Troublingly, some in the academic and environmental community pig-headedly stand in opposition to robust science that may point us in the direction of the most sustainable, most biodiverse planet we can achieve come 2050 as our 10 billion fellow humans seek to meet their needs and fulfill their aspirations.

We deserve better than that.

37 comments

  1. in discussing the prospects for more poo buses the Brits say biogas can at best replace 10% of current natural gas consumption which is for heat and electricity generation, not transport. Australia gets 21% of its electricity (SA 52%) from burning gas. Poo buses aside I think that means we can get 2.1% of our current electricity needs from biogas, the dominant biofuel in the Diesendorf scenario.

    I spent several days with some well-to-do baby boomers from Adelaide visiting Hobart. They don’t want nuclear power for SA and have no thoughts on rising gas prices, the collapse of car making and defence contracting nor what jobs young people will do. As with Diesendorf they blithely throw out magical solutions for hard problems. It reminds me of Woody Allen in one of his movies saying ‘you should listen to yourself’. A task for 2015 should be to force lazy thinkers to get real.

  2. John Newlands’s link to poo buses is a good example of greenwashing.

    It’s greenwashing when a company or organization spends more time and money claiming to be “green” through advertising and marketing than actually implementing business practices that minimize environmental impact.

    Manufacture of the biogas involves:
    – Collection of human and food waste,
    – Anaerobic digestion,
    – “Upgrading” by removal of CO2 from the biogas and addition of propane (!), then
    – Compression and storage.

    Besides which, propane is decidedly not a renewable or carbon-friendly fuel.

  3. US estimates for biogas potential are here
    http://theenergycollective.com/ed-dodge/2174901/how-much-renewable-natural-gas-can-be-produced
    but see some hard hitting comments. When Diesendorf says ‘biofuelled’ backup I think he mainly means biogas but also hay and wood burning like Denmark’s Avedore 2 plant. It conjures up getting back to nature with wagons laden with hay and contented cows making manure for our energy supplies. None of that horrible radioactivity.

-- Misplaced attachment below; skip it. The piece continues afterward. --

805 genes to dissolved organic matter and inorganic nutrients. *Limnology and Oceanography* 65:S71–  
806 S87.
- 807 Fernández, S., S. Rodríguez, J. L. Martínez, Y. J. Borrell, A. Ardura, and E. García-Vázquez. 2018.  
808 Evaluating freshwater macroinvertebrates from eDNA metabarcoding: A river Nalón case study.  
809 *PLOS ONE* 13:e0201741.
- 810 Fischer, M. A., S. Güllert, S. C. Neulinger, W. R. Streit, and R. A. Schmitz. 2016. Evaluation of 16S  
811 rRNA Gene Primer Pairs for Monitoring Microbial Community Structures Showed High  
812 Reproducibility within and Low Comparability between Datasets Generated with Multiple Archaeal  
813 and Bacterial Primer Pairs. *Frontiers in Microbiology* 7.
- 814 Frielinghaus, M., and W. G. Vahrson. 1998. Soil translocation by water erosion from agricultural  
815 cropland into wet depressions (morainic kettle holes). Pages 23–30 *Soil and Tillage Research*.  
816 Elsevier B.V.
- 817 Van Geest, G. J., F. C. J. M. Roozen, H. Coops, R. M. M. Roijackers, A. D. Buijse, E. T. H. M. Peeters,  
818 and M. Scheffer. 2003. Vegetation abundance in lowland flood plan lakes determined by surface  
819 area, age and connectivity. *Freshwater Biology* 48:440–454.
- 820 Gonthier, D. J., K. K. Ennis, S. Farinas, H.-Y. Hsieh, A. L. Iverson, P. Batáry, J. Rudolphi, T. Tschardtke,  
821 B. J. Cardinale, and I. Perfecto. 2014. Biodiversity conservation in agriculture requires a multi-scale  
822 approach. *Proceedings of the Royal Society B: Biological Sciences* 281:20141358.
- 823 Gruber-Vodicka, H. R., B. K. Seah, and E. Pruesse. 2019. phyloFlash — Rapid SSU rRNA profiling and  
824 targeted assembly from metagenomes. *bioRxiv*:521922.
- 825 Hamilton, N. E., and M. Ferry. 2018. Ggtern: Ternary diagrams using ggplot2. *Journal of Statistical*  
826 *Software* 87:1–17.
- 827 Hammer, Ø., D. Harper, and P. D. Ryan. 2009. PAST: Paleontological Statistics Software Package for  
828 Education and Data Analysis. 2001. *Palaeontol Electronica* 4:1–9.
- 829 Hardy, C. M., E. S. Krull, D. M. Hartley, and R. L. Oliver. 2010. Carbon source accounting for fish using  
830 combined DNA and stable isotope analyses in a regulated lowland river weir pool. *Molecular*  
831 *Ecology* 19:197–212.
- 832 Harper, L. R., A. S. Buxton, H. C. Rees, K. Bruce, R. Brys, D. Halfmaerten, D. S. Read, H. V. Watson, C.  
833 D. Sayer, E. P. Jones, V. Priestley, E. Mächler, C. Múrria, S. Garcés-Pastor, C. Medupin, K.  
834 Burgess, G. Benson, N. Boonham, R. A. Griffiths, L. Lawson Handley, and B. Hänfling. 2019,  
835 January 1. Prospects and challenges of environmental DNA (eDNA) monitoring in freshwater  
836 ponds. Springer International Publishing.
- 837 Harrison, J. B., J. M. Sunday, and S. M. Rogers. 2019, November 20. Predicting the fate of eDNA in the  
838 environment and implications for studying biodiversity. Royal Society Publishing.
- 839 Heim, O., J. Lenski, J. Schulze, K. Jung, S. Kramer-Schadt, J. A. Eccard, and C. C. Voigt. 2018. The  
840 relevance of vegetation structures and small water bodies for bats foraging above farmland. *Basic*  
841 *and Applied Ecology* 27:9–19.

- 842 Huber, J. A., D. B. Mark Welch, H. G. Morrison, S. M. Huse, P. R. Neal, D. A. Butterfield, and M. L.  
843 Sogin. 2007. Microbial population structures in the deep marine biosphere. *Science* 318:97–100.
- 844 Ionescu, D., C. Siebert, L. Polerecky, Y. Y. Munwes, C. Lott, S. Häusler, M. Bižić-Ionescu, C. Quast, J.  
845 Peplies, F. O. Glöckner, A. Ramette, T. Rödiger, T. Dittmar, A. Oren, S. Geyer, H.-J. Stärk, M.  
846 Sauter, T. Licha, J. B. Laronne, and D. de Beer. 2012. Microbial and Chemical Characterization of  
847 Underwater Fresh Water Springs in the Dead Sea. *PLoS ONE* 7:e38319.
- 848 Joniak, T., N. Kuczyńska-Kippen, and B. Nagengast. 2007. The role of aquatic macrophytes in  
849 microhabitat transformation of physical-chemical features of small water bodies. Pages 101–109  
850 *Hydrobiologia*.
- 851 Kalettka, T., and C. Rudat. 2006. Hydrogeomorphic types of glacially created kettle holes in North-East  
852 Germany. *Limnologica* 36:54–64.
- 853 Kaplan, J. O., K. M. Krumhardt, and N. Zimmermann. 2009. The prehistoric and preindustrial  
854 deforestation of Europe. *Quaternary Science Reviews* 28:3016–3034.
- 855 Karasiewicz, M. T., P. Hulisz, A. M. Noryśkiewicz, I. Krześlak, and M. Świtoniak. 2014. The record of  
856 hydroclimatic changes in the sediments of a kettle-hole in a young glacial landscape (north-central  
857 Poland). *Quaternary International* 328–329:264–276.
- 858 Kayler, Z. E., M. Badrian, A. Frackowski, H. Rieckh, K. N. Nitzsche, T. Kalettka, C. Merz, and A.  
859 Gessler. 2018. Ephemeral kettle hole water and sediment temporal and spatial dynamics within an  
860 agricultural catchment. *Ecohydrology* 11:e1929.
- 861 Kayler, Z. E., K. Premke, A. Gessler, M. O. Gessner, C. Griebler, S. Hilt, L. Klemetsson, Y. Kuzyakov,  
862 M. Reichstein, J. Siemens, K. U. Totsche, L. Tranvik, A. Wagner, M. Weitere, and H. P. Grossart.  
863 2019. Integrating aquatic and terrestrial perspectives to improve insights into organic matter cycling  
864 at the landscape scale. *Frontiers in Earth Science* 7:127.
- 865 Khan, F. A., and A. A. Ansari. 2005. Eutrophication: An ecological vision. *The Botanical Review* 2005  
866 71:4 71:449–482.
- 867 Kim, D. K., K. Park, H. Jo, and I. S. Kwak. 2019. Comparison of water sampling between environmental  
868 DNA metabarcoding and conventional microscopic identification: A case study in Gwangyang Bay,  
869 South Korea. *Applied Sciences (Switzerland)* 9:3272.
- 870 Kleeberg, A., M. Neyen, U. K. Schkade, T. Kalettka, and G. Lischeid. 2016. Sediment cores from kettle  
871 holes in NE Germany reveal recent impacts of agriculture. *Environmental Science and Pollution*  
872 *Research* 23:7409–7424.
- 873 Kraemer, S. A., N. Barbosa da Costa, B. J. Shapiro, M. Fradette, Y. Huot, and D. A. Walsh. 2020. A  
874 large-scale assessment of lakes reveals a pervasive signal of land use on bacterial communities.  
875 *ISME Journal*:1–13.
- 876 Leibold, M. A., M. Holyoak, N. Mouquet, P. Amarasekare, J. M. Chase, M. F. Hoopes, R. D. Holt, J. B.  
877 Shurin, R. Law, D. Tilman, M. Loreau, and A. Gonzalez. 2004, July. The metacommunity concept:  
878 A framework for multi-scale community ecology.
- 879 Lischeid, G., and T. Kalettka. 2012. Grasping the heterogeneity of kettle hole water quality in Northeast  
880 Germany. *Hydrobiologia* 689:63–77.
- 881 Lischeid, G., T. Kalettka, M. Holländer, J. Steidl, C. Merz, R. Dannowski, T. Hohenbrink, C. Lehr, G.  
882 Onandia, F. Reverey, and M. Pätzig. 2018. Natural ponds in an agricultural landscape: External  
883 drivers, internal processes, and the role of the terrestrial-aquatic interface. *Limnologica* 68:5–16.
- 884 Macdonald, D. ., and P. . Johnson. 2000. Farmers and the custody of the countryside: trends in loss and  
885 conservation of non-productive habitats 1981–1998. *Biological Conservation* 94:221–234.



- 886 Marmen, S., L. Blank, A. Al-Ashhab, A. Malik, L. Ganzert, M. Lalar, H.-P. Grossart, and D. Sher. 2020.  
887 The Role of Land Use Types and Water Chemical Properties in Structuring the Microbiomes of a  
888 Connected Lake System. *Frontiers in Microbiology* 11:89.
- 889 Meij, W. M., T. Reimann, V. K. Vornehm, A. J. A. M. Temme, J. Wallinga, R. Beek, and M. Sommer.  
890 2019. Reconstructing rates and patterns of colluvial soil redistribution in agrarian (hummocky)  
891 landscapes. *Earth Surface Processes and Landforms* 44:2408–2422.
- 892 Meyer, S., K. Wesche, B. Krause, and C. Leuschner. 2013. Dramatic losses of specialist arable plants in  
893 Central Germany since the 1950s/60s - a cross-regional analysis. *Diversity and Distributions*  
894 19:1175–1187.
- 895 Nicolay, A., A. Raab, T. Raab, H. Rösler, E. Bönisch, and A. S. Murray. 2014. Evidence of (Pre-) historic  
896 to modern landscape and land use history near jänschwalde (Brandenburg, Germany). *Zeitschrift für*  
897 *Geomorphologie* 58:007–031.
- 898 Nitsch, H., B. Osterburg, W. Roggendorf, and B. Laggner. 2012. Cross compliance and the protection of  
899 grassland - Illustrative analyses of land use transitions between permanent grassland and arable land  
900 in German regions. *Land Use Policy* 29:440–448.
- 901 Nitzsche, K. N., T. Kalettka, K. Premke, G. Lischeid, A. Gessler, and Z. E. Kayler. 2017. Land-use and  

4. Wasn’t Diesendorf et al. stating that Baseload is a false concept because their modelling showed a Baseload of wind+solar+biomass.

  5. It’s a while since I read Diesendorf et al’s 2020 proposal, but the following is essentially correct.

    My recollection is that in addition to:
    Wind +
    Solar PV +
    Solar Thermal +
    Biomass +
    Storage +
    Hydro +
    Wave Power +
    Demand Reduction (rationing by another name) +
    Outlawing of all private non-electric vehicles +
    Only gas-powered heavy vehicles +
    Only electric locomotives,
    it relied on a very substantial HVDC grid spanning the nation, on the basis that the sun is shining somewhere and, if not, then the wind will be blowing somewhere. Subsequent reading convinced me that such a super-grid would have to span a hemisphere, rather than just the Australian continent.

    Even after all those assumptions, the nation’s energy systems were not going to meet demand or price. The Plan is, thus, politically unachievable, short of a tyrannical dictatorship taking control.

    Worst of all, removing many millions of tonnes of biomass annually for digestion will result in severely depleted soil fertility. What is the answer to this?

    Why debate heroic, unsaleable masterplans like ZCA2020? They are no more likely to be achieved than the concurrent arrival of the Easter Bunny, Santa Clause and the Tooth Fairy at my next birthday party.

  6. Oh, sugar! It seems I probably owe somebody a huge apology.

    Yes, I was imperfectly recalling features of BZE2020. I will also have to read up on some of Mark D’s recent work.